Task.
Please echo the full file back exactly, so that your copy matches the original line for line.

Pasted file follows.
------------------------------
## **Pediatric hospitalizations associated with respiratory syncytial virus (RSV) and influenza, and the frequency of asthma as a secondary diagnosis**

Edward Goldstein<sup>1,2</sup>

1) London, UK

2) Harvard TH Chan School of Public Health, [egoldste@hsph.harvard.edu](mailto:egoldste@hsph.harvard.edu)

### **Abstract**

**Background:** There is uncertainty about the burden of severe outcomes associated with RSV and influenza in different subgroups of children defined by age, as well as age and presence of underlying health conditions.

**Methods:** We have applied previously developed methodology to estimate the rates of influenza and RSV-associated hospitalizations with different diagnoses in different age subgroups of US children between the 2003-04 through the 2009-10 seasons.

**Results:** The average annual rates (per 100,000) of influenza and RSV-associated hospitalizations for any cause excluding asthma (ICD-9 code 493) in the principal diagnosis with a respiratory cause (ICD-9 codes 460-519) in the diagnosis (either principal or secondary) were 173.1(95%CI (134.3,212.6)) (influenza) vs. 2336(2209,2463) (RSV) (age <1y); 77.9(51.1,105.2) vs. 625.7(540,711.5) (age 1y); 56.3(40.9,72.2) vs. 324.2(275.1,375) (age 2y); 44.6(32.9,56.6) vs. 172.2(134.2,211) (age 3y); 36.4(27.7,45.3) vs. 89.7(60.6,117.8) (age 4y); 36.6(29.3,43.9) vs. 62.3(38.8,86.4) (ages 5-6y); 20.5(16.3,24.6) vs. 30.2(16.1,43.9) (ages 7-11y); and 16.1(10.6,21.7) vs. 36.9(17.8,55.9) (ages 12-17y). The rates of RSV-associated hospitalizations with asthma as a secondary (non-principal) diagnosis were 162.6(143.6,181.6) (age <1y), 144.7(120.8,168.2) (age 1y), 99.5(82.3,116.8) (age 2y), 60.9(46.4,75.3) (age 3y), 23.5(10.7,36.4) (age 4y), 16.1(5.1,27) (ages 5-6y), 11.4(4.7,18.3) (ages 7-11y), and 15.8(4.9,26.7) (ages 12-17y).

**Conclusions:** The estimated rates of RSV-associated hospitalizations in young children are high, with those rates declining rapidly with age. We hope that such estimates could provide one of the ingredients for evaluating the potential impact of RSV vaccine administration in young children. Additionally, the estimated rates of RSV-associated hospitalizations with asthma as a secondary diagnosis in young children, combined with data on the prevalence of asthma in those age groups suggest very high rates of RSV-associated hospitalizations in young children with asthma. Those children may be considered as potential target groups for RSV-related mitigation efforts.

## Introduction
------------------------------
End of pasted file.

## **Pediatric hospitalizations associated with respiratory syncytial virus (RSV) and influenza, and the frequency of asthma as a secondary diagnosis**

Edward Goldstein<sup>1,2</sup>

1) London, UK

2) Harvard TH Chan School of Public Health, [egoldste@hsph.harvard.edu](mailto:egoldste@hsph.harvard.edu)

### **Abstract**

**Background:** There is uncertainty about the burden of severe outcomes associated with RSV and influenza in different subgroups of children defined by age, as well as age and presence of underlying health conditions.

**Methods:** We have applied previously developed methodology to estimate the rates of influenza and RSV-associated hospitalizations with different diagnoses in different age subgroups of US children between the 2003-04 through the 2009-10 seasons.

**Results:** The average annual rates (per 100,000) of influenza and RSV-associated hospitalizations for any cause excluding asthma (ICD-9 code 493) in the principal diagnosis with a respiratory cause (ICD-9 codes 460-519) in the diagnosis (either principal or secondary) were 173.1(95%CI (134.3,212.6)) (influenza) vs. 2336(2209,2463) (RSV) (age <1y); 77.9(51.1,105.2) vs. 625.7(540,711.5) (age 1y); 56.3(40.9,72.2) vs. 324.2(275.1,375) (age 2y); 44.6(32.9,56.6) vs. 172.2(134.2,211) (age 3y); 36.4(27.7,45.3) vs. 89.7(60.6,117.8) (age 4y); 36.6(29.3,43.9) vs. 62.3(38.8,86.4) (ages 5-6y); 20.5(16.3,24.6) vs. 30.2(16.1,43.9) (ages 7-11y); and 16.1(10.6,21.7) vs. 36.9(17.8,55.9) (ages 12-17y). The rates of RSV-associated hospitalizations with asthma as a secondary (non-principal) diagnosis were 162.6(143.6,181.6) (age <1y), 144.7(120.8,168.2) (age 1y), 99.5(82.3,116.8) (age 2y), 60.9(46.4,75.3) (age 3y), 23.5(10.7,36.4) (age 4y), 16.1(5.1,27) (ages 5-6y), 11.4(4.7,18.3) (ages 7-11y), and 15.8(4.9,26.7) (ages 12-17y).

**Conclusions:** The estimated rates of RSV-associated hospitalizations in young children are high, with those rates declining rapidly with age. We hope that such estimates could provide one of the ingredients for evaluating the potential impact of RSV vaccine administration in young children. Additionally, the estimated rates of RSV-associated hospitalizations with asthma as a secondary diagnosis in young children, combined with data on the prevalence of asthma in those age groups suggest very high rates of RSV-associated hospitalizations in young children with asthma. Those children may be considered as potential target groups for RSV-related mitigation efforts.

## Introduction